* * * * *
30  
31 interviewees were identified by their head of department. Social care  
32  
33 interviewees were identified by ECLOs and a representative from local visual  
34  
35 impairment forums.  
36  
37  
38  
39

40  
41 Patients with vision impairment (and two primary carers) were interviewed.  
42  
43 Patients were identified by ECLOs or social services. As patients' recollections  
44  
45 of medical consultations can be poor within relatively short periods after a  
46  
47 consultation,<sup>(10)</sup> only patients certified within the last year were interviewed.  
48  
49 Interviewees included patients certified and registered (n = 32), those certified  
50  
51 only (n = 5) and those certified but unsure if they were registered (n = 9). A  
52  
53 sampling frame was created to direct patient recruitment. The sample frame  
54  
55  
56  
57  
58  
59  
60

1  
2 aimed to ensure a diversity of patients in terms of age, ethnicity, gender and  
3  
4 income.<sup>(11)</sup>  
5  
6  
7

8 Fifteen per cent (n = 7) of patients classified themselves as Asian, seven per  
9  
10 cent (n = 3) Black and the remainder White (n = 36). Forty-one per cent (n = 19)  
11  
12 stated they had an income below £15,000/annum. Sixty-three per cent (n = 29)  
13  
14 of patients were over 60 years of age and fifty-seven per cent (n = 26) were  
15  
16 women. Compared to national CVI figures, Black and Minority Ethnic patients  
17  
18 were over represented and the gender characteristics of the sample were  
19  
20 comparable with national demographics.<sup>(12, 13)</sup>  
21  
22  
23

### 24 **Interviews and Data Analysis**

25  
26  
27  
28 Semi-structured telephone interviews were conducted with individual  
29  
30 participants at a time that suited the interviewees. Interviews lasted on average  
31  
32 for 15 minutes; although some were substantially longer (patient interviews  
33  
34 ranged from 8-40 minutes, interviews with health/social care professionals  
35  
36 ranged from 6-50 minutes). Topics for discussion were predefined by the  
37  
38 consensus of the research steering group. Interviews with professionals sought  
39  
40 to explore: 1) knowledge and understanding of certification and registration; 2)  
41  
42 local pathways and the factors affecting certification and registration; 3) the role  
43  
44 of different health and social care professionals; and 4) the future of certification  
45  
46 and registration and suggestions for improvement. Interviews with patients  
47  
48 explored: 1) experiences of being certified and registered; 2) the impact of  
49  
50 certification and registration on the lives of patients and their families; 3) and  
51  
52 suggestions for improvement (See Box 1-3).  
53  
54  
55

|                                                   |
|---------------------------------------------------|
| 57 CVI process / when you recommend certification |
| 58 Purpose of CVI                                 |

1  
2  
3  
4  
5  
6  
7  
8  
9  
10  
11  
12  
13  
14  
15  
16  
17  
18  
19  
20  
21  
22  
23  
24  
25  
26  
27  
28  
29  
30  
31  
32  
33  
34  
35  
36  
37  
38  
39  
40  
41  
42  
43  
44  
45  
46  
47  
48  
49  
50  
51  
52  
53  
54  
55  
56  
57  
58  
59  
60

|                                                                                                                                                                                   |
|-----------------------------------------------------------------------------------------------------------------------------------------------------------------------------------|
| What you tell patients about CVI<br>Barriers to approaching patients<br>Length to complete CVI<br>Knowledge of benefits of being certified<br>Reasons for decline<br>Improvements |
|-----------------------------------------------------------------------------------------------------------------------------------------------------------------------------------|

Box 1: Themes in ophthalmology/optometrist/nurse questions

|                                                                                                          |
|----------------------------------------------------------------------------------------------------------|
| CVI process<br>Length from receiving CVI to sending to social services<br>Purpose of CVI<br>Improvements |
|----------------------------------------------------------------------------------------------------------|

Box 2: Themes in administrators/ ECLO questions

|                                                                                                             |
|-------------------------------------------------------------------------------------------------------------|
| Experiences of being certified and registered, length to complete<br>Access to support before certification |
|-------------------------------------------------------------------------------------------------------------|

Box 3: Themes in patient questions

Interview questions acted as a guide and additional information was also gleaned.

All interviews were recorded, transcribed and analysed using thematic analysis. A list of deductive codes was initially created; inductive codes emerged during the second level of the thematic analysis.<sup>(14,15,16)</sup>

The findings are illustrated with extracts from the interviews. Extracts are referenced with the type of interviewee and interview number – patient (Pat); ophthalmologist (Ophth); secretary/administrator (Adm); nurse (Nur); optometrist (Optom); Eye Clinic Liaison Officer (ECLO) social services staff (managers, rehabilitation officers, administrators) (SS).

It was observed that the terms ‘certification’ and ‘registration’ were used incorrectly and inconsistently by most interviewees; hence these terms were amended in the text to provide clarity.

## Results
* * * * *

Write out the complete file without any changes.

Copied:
30  
31 interviewees were identified by their head of department. Social care  
32  
33 interviewees were identified by ECLOs and a representative from local visual  
34  
35 impairment forums.  
36  
37  
38  
39

40  
41 Patients with vision impairment (and two primary carers) were interviewed.  
42  
43 Patients were identified by ECLOs or social services. As patients' recollections  
44  
45 of medical consultations can be poor within relatively short periods after a  
46  
47 consultation,<sup>(10)</sup> only patients certified within the last year were interviewed.  
48  
49 Interviewees included patients certified and registered (n = 32), those certified  
50  
51 only (n = 5) and those certified but unsure if they were registered (n = 9). A  
52  
53 sampling frame was created to direct patient recruitment. The sample frame  
54  
55  
56  
57  
58  
59  
60

1  
2 aimed to ensure a diversity of patients in terms of age, ethnicity, gender and  
3  
4 income.<sup>(11)</sup>  
5  
6  
7

8 Fifteen per cent (n = 7) of patients classified themselves as Asian, seven per  
9  
10 cent (n = 3) Black and the remainder White (n = 36). Forty-one per cent (n = 19)  
11  
12 stated they had an income below £15,000/annum. Sixty-three per cent (n = 29)  
13  
14 of patients were over 60 years of age and fifty-seven per cent (n = 26) were  
15  
16 women. Compared to national CVI figures, Black and Minority Ethnic patients  
17  
18 were over represented and the gender characteristics of the sample were  
19  
20 comparable with national demographics.<sup>(12, 13)</sup>  
21  
22  
23

### 24 **Interviews and Data Analysis**

25  
26  
27  
28 Semi-structured telephone interviews were conducted with individual  
29  
30 participants at a time that suited the interviewees. Interviews lasted on average  
31  
32 for 15 minutes; although some were substantially longer (patient interviews  
33  
34 ranged from 8-40 minutes, interviews with health/social care professionals  
35  
36 ranged from 6-50 minutes). Topics for discussion were predefined by the  
37  
38 consensus of the research steering group. Interviews with professionals sought  
39  
40 to explore: 1) knowledge and understanding of certification and registration; 2)  
41  
42 local pathways and the factors affecting certification and registration; 3) the role  
43  
44 of different health and social care professionals; and 4) the future of certification  
45  
46 and registration and suggestions for improvement. Interviews with patients  
47  
48 explored: 1) experiences of being certified and registered; 2) the impact of  
49  
50 certification and registration on the lives of patients and their families; 3) and  
51  
52 suggestions for improvement (See Box 1-3).  
53  
54  
55

|                                                   |
|---------------------------------------------------|
| 57 CVI process / when you recommend certification |
| 58 Purpose of CVI                                 |

1  
2  
3  
4  
5  
6  
7  
8  
9  
10  
11  
12  
13  
14  
15  
16  
17  
18  
19  
20  
21  
22  
23  
24  
25  
26  
27  
28  
29  
30  
31  
32  
33  
34  
35  
36  
37  
38  
39  
40  
41  
42  
43  
44  
45  
46  
47  
48  
49  
50  
51  
52  
53  
54  
55  
56  
57  
58  
59  
60

|                                                                                                                                                                                   |
|-----------------------------------------------------------------------------------------------------------------------------------------------------------------------------------|
| What you tell patients about CVI<br>Barriers to approaching patients<br>Length to complete CVI<br>Knowledge of benefits of being certified<br>Reasons for decline<br>Improvements |
|-----------------------------------------------------------------------------------------------------------------------------------------------------------------------------------|

Box 1: Themes in ophthalmology/optometrist/nurse questions

|                                                                                                          |
|----------------------------------------------------------------------------------------------------------|
| CVI process<br>Length from receiving CVI to sending to social services<br>Purpose of CVI<br>Improvements |
|----------------------------------------------------------------------------------------------------------|

Box 2: Themes in administrators/ ECLO questions

|                                                                                                             |
|-------------------------------------------------------------------------------------------------------------|
| Experiences of being certified and registered, length to complete<br>Access to support before certification |
|-------------------------------------------------------------------------------------------------------------|

Box 3: Themes in patient questions

Interview questions acted as a guide and additional information was also gleaned.

All interviews were recorded, transcribed and analysed using thematic analysis. A list of deductive codes was initially created; inductive codes emerged during the second level of the thematic analysis.<sup>(14,15,16)</sup>

The findings are illustrated with extracts from the interviews. Extracts are referenced with the type of interviewee and interview number – patient (Pat); ophthalmologist (Ophth); secretary/administrator (Adm); nurse (Nur); optometrist (Optom); Eye Clinic Liaison Officer (ECLO) social services staff (managers, rehabilitation officers, administrators) (SS).

It was observed that the terms ‘certification’ and ‘registration’ were used incorrectly and inconsistently by most interviewees; hence these terms were amended in the text to provide clarity.

## Results